Now what happens if you use this with [regex]::Matches() in an attempt to extract IP addresses? By "accident" I discovered a small problem with the above regex, in that it's sort of "non-greedy", in that the first alternatives between the regex alternation operators match before the last.

I found out by testing in order to document extracting IPs from text.

First I created a multi-line string with IPv4 addresses with some random crap text around them, where the first three lines look like what you see below.

PS C:\> $String = (Invoke-PSipcalc -Net 10.20.30.40/28 -Enumerate | % IPEnumerated | 
% -Begin { $RandomString = 'foo', 'car', 'baz', 'boo', 'blorp' } -Process {
    ($RandomString | Get-Random) + " $_ " + ($RandomString | Get-Random) }) -join "`n"

PS C:\> $String -split '\n' | select -first 3
car 10.20.30.33 foo
boo 10.20.30.34 blorp
car 10.20.30.35 baz

Then I ran the regex from this page against it and discovered the flaw when used for this purpose:

PS C:\> $IPv4Regex = '((?:(?:0?0?\d|0?[1-9]\d|1\d\d|2[0-5][0-5]|2[0-4]\d)\.){3}(?:0?0?\d|0?[1-9]\d|1\d\d|2[0-5][0-5]|2[0-4]\d))'
PS C:\> [regex]::Matches($String, $IPv4Regex) | %{ $_.Groups[1].Value } | select -first 3
10.20.30.3
10.20.30.3
10.20.30.3

Uh oh, it doesn't capture the last digit.

Fortunately, my brain had this idea to change the order of the elements, and thus this new, slightly altered regex was born, and put to the test.

PS C:\> $IPv4RegexNew = '((?:(?:1\d\d|2[0-5][0-5]|2[0-4]\d|0?[1-9]\d|0?0?\d)\.){3}(?:1\d\d|2[0-5][0-5]|2[0-4]\d|0?[1-9]\d|0?0?\d))'
PS C:\> [regex]::Matches($String, $IPv4RegexNew) | %{ $_.Groups[1].Value }
10.20.30.33
10.20.30.34
10.20.30.35
10.20.30.36
10.20.30.37
10.20.30.38
10.20.30.39
10.20.30.40
10.20.30.41
10.20.30.42
10.20.30.43
10.20.30.44
10.20.30.45
10.20.30.46

I had to test with three digits as well, and all seems well:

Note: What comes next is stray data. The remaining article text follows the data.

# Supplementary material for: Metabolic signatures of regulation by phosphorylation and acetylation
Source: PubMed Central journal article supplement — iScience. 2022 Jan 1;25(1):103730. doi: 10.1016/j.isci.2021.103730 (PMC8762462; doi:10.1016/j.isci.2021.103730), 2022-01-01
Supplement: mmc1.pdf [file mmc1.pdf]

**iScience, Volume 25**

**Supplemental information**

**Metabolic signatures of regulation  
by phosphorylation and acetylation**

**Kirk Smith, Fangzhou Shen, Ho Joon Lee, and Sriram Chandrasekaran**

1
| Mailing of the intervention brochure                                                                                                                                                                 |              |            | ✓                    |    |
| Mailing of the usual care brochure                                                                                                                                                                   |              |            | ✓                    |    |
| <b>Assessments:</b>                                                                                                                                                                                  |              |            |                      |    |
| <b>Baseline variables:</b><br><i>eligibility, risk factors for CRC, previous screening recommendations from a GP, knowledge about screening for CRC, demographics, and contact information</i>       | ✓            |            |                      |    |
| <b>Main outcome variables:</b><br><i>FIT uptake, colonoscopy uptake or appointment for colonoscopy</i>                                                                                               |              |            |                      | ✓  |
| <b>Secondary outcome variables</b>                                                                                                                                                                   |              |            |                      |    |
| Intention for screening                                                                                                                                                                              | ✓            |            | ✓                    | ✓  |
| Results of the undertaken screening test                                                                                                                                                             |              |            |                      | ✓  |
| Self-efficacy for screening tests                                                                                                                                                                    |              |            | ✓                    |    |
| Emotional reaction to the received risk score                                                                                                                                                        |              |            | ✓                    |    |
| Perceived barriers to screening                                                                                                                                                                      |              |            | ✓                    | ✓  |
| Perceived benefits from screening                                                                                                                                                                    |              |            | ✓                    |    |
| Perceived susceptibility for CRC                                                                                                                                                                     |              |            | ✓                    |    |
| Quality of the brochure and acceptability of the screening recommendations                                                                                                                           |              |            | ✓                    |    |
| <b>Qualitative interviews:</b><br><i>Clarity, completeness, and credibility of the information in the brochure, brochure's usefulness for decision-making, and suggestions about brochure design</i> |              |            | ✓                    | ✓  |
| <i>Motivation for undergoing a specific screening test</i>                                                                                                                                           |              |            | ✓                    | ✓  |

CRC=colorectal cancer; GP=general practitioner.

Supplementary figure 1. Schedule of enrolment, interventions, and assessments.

PS C:\> $String = (Invoke-PSipcalc -Net 10.20.30.180/28 -Enumerate | % IPEnumerated | 
% -Begin {
    $RandomString = 'foo', 'car', 'baz', 'boo', 'blorp' } -Process {
        ($RandomString | Get-Random) + " $_ " + ($RandomString | Get-Random) }) -join "`n"

PS C:\> [regex]::Matches($String, $IPv4RegexNew) | %{ $_.Groups[1].Value }
    | select -first 4
10.20.30.177
10.20.30.178
10.20.30.179
10.20.30.180

End result (regex)

Here is a full text version of a PowerShell/.NET regex that works for both validation and extraction of IPv4 addresses from text, on one line for you.

Remember that you may need to anchor, by putting "^" first and "$" last (complete match - respectively "starts with" and "ends with"), or by putting "\b" on either side to match a word boundary, as I spoke about earlier in the article.

(?:(?:1\d\d|2[0-5][0-5]|2[0-4]\d|0?[1-9]\d|0?0?\d)\.){3}(?:1\d\d|2[0-5][0-5]|2[0-4]\d|0?[1-9]\d|0?0?\d)

To use it with [regex]::Matches() and capture, you need to add parentheses around the entire regex (stuff inside () is captured/back-referenced) - or you could use $_.Groups[0].Value if you don't have surrounding regex parts.

The System.Net.IPAddress class can also be used for validation

It's been bothering me in the back of my head ever since writing this article that I don't even mention it, so here we go:

PS C:\temp> [ipaddress]'10.0.0.1'


Address            : 16777226
AddressFamily      : InterNetwork
ScopeId            :
IsIPv6Multicast    : False
IsIPv6LinkLocal    : False
IsIPv6SiteLocal    : False
IsIPv6Teredo       : False
IsIPv4MappedToIPv6 : False
IPAddressToString  : 10.0.0.1



PS C:\temp> [ipaddress]'10.0.0.256'
Cannot convert value "10.0.0.256" to type "System.Net.IPAddress". Error: "An invalid IP address was specified."
At line:1 char:1
+ [ipaddress]'10.0.0.256'
+ ~~~~~~~~~~~~~~~~~~~~~~~
    + CategoryInfo          : InvalidArgument: (:) [], RuntimeException
    + FullyQualifiedErrorId : InvalidCastParseTargetInvocation

PS C:\temp>

You could use this with $ErrorActionPreference = "Stop" before the cast (string IP to IPAddress class) to validate and try/catch errors.

Be well.